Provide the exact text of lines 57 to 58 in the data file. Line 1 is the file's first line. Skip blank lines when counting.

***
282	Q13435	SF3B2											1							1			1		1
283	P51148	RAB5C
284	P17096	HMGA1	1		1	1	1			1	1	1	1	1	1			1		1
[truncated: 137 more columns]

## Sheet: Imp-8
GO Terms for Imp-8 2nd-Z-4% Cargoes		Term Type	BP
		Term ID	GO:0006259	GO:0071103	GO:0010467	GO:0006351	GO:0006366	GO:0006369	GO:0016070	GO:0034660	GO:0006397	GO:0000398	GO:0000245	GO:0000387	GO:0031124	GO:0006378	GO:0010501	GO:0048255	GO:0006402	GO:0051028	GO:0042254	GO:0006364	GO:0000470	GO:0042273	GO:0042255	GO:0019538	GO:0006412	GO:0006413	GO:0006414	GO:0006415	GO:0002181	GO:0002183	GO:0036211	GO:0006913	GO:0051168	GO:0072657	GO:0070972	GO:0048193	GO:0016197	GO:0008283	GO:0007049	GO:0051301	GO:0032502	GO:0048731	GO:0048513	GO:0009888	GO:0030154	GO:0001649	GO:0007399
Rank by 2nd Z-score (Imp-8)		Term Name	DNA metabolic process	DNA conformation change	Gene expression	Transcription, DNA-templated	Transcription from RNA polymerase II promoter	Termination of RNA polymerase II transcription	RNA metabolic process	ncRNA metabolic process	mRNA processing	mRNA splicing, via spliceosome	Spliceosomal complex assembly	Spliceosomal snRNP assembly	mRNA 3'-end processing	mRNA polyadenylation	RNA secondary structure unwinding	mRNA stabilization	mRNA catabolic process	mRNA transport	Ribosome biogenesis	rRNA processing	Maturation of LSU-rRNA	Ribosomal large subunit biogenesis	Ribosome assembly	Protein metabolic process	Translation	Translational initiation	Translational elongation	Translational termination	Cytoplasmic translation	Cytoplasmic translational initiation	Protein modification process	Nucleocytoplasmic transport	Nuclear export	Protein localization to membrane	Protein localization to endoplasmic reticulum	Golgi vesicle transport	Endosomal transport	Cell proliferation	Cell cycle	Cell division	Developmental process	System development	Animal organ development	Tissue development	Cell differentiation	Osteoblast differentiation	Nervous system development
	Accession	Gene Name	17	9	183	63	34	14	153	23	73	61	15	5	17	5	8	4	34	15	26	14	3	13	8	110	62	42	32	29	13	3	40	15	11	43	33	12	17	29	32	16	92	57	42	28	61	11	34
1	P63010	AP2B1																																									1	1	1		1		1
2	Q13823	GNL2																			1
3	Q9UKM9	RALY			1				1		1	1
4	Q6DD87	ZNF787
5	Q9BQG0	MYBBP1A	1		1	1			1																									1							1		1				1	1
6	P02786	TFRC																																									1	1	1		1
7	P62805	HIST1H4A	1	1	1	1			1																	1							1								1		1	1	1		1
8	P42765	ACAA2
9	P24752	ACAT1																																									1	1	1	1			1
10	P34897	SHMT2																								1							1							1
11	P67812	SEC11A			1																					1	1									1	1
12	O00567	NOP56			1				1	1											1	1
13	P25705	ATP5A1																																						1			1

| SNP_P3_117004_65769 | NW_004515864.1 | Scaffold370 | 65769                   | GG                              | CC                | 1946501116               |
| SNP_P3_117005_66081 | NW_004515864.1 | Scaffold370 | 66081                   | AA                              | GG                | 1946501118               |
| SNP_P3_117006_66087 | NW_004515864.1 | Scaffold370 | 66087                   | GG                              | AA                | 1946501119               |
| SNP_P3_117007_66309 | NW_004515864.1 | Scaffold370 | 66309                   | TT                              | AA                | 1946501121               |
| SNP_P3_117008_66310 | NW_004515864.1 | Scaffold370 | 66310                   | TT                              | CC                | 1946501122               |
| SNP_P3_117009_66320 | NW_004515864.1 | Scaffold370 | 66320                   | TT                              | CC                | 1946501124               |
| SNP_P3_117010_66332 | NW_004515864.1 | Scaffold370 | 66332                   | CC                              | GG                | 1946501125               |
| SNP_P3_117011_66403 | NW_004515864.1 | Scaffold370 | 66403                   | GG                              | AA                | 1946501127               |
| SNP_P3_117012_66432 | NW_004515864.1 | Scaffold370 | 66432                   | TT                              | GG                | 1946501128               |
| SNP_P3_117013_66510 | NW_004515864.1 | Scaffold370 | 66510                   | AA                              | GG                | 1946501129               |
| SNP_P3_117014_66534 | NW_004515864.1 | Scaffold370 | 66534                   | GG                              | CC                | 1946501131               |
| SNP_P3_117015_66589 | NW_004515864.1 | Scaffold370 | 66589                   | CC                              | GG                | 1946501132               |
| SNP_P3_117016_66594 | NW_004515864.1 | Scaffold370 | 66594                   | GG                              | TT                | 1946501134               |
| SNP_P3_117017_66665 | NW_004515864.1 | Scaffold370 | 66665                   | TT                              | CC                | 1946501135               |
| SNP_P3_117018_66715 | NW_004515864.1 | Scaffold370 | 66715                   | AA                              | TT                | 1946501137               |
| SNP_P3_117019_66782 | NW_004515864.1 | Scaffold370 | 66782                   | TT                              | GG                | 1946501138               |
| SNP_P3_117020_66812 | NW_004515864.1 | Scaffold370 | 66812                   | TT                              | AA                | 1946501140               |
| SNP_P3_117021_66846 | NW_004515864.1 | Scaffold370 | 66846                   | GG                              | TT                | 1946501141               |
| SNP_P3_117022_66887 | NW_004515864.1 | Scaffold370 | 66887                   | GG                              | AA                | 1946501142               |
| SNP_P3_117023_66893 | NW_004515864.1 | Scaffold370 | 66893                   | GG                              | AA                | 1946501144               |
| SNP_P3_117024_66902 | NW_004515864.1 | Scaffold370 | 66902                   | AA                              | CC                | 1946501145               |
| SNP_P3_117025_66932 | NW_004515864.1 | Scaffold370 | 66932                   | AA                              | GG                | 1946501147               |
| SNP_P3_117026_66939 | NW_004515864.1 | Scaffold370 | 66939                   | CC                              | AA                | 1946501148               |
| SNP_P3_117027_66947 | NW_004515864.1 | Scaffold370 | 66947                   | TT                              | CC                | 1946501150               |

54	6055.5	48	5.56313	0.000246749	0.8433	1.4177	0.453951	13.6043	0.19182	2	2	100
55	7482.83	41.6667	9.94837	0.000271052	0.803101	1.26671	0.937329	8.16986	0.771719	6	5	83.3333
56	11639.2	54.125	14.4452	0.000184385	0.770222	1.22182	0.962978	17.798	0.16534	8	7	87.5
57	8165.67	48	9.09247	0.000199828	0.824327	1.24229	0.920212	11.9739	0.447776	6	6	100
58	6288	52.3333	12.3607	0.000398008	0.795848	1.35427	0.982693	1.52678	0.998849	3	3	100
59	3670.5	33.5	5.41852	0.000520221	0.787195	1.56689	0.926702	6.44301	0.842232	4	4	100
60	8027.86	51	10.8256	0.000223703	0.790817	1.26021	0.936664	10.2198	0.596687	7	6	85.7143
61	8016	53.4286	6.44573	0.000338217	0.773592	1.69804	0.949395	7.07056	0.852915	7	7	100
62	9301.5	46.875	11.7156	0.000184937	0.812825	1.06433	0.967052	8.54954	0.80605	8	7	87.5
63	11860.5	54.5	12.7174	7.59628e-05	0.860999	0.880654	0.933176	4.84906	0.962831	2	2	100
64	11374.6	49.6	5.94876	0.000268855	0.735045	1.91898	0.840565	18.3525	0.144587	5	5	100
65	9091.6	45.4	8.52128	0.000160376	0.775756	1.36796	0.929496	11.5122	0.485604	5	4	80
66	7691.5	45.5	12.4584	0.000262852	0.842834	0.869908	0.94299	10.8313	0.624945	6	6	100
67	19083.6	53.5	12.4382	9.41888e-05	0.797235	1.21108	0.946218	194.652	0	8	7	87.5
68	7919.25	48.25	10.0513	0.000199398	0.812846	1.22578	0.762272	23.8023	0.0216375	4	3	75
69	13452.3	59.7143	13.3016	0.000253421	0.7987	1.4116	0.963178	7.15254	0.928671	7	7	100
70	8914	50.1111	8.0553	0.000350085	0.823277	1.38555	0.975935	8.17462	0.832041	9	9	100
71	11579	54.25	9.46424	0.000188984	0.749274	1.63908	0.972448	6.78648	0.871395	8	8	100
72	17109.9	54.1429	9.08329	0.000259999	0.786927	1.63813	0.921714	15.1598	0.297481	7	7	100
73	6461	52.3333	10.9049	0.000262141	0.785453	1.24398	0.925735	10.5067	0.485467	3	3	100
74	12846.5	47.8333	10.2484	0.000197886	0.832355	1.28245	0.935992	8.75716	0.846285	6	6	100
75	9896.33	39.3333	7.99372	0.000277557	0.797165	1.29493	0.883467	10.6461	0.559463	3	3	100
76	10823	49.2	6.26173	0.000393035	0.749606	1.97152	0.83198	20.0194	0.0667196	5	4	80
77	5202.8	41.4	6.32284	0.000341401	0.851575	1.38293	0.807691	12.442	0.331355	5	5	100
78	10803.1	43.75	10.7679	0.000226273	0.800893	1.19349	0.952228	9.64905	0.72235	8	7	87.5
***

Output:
64	11374.6	49.6	5.94876	0.000268855	0.735045	1.91898	0.840565	18.3525	0.144587	5	5	100
65	9091.6	45.4	8.52128	0.000160376	0.775756	1.36796	0.929496	11.5122	0.485604	5	4	80